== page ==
Those Who Wrote in Small Letters
March 2, 2015 1:01 PM   Subscribe

For much of the tenth century, the Qarmatians enjoyed supreme power in northeastern Arabia, exacting tribute even from the caliphs in Baghdad and Cairo. They were an esoteric Isma'ili Shi'ite sect from the oases of the desert fringe and the islands of the Persian Gulf, where they built themselves an egalitarian utopia—"probably the only communist society to control a large territory, and to endure for more than a generation, before the twentieth century." Utopia, however, depended on the agricultural labor of thirty thousand Ethiopian slaves and the proceeds from constant raiding and pillaging. In 930, the Qarmatians stormed Mecca, killed thousands of pilgrims at the foot of the Kaaba, and removed the Black Stone to Bahrayn. A year later, they identified the Mahdi, their prophesied redeemer, in the form of a young Persian prisoner. They believed that once he assumed control of the Qarmatian state, he would lead them to even greater triumphs...

You might also see the Qarmatians referred to as "Qaramita," "Karamita," and "Carmathians." Contrary to Wikipedia, they may not have been vegeterians.

In fact, everything above the cut may be wrong. As historian Robert Kluijver discovered during his travels in Bahrain, anyone wishing to learn about the Qarmatians will very quickly run up against bias, half-truths, and silence.
The mention of the Carmathians mostly drew blank stares from the Bahrainis I spoke to (as if you would mention the Picts to a Briton). The historian Ali Bushehri affirmed that the study of this period was problematic, because it was one of Shia rule; also for the lack of historical evidence about the Carmathians, as they did not practice writing, and few contemporaries wrote about them. In the Bahrain National Museum there is almost nothing about this period. The Carmathians are only mentioned twice, both in the phrase "After the Carmathian period…"
posted by Iridic (9 comments total) 28 users marked this as a favorite
 
Egalitarian utopia...with about 30,000 slaves.
posted by hal_c_on at 1:21 PM on March 2, 2015 [1 favorite]


It was expected that the Mahdi would now reveal the inner truths behind all previous religions. However, this young Isfahani, who claimed descent from the Persian kings and manifested anti-Arab sentiments, began to energetically propagate the Zoroastrian creed and had zealously embarked on restoring this ancient Persian religion. Establishing rituals from the Magian religion, he ordered the worship of fire and the cursing of all prophets, he forbade obedience to any law, whether scriptural, civil, or moral, also instituting a number of ceremonies that shocked the Qarmatians and encouraged all kinds of debauched behaviour. When the Isfahani Mahdi began, furthermore, to execute many notable Qarmatians of Bahrain, Abu Taher Sulayman had no choice but to have him killed and admitted that this had been a disastrous error of judgement on his part and that he had certainly been an imposter.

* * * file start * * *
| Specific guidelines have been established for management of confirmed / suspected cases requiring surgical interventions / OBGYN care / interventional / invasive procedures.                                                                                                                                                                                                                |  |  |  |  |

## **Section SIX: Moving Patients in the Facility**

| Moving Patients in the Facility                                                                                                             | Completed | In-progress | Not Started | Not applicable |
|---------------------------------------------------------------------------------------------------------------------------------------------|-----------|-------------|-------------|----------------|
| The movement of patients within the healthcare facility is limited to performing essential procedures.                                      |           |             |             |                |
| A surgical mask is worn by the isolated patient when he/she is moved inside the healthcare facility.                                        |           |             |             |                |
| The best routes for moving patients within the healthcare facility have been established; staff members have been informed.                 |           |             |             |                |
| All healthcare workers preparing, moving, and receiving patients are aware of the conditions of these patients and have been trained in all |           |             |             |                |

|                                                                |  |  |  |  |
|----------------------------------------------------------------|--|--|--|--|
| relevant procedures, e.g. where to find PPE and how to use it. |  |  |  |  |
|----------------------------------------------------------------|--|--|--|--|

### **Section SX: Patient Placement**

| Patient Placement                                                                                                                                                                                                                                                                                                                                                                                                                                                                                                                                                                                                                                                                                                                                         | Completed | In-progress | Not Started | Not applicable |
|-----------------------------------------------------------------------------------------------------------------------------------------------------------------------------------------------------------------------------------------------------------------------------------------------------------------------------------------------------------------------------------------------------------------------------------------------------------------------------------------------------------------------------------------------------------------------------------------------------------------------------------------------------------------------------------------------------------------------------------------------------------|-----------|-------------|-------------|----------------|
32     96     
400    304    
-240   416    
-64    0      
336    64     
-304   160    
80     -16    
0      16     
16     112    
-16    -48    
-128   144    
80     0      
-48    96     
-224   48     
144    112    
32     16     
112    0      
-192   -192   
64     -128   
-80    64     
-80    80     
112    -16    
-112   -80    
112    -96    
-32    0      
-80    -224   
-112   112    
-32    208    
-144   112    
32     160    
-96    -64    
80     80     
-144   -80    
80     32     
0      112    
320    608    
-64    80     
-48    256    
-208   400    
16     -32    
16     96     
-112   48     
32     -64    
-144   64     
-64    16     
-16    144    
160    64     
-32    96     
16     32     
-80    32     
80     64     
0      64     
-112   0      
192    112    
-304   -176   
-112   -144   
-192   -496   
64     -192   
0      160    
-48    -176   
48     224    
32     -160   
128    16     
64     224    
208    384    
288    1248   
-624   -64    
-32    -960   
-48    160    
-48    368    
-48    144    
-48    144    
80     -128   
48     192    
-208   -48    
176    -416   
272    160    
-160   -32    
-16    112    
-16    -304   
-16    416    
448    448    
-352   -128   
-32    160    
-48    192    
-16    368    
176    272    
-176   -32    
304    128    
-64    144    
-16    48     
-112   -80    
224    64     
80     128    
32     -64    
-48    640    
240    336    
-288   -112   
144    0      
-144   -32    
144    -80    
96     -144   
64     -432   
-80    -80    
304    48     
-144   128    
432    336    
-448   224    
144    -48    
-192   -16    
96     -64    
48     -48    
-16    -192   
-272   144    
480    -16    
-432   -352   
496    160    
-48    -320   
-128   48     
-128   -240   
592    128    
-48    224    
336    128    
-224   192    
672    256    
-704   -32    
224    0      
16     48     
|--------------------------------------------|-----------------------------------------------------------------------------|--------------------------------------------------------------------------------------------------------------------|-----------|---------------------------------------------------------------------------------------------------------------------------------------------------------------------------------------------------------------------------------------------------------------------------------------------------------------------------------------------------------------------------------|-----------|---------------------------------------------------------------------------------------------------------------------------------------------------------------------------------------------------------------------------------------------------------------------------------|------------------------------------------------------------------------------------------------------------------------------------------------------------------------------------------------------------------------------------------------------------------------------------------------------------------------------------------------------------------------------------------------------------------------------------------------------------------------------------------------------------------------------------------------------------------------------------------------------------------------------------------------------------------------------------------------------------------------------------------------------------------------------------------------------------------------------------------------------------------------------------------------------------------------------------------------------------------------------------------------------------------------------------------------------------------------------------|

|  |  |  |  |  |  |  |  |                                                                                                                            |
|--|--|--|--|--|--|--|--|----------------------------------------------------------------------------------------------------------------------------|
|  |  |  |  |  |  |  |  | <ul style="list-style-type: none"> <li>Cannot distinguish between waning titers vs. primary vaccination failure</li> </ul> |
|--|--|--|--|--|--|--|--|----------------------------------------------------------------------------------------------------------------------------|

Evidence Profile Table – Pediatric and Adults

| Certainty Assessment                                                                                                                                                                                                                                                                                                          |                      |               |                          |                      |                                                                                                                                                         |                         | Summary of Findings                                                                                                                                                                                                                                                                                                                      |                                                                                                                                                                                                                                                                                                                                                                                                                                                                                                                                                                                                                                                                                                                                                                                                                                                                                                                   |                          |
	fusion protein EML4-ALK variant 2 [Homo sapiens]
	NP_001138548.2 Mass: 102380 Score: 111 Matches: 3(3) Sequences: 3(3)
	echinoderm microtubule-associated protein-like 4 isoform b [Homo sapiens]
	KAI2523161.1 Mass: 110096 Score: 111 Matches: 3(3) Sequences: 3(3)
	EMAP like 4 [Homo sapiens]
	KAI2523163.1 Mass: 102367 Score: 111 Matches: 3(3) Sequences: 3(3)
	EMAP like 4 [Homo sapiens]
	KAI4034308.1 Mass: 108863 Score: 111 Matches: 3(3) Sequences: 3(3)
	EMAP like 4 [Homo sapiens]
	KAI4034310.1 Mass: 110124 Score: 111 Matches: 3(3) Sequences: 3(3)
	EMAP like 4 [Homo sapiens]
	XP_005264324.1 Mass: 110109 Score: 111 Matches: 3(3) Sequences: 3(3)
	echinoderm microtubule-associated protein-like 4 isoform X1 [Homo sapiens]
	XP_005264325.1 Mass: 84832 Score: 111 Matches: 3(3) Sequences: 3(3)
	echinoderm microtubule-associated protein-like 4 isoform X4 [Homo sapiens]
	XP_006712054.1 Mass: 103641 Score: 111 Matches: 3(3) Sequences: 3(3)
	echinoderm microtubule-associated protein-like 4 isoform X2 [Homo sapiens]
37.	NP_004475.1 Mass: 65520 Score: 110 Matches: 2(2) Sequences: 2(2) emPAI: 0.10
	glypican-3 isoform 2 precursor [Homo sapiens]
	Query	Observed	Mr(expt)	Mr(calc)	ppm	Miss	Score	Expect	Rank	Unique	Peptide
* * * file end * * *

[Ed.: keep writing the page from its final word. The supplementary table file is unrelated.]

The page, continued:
This paragraph is one imaginary musical instrument away from being a Jack Vance footnote.
posted by theodolite at 1:33 PM on March 2, 2015 [14 favorites]


Thank you for this.
posted by Palindromedary at 3:09 PM on March 2, 2015 [1 favorite]


"probably the only communist society to control a large territory, and to endure for more than a generation, before the twentieth century." Utopia, however, depended on the agricultural labor of thirty thousand Ethiopian slaves and the proceeds from constant raiding and pillaging.

Pre-modern cognitive dissonance.
posted by Nevin at 3:13 PM on March 2, 2015 [1 favorite]


What is it with communists and slavery?
posted by cosmic.osmo at 4:30 PM on March 2, 2015


What is it with people and slavery?
posted by benito.strauss at 4:51 PM on March 2, 2015


What is it with communists and slavery?

*Fry squint*
posted by Steely-eyed Missile Man at 8:15 PM on March 2, 2015


I'm reminded of the egalitarian principles of Jacksonian democracy (which the Five Civilized Tribes would be happy to explain), or even the way that the good men of Athens were free to dedicate themselves to public service and philosophical reflection because of course all that annoying life-sustaining work stuff was being done by women and slaves.
Being able to retain multiple contradictory beliefs is what makes us human (Lewis Carroll, citation needed).
posted by Octaviuz at 4:19 AM on March 3, 2015 [2 favorites]


When I was a regular visitor to the National Museum in Bahrain 13-14 years ago, there were several small mentions of the civilization, always labelled as "the Qarmatian Heresy". I filed it away in my brain as something to learn more about, but until today hadn't followed up. Thanks for the great post!
posted by seasparrow at 11:06 AM on March 6, 2015


« Older KVLY-TV   |   You don’t need to be persuaded / You are being... Newer »


This thread has been archived and is closed to new comments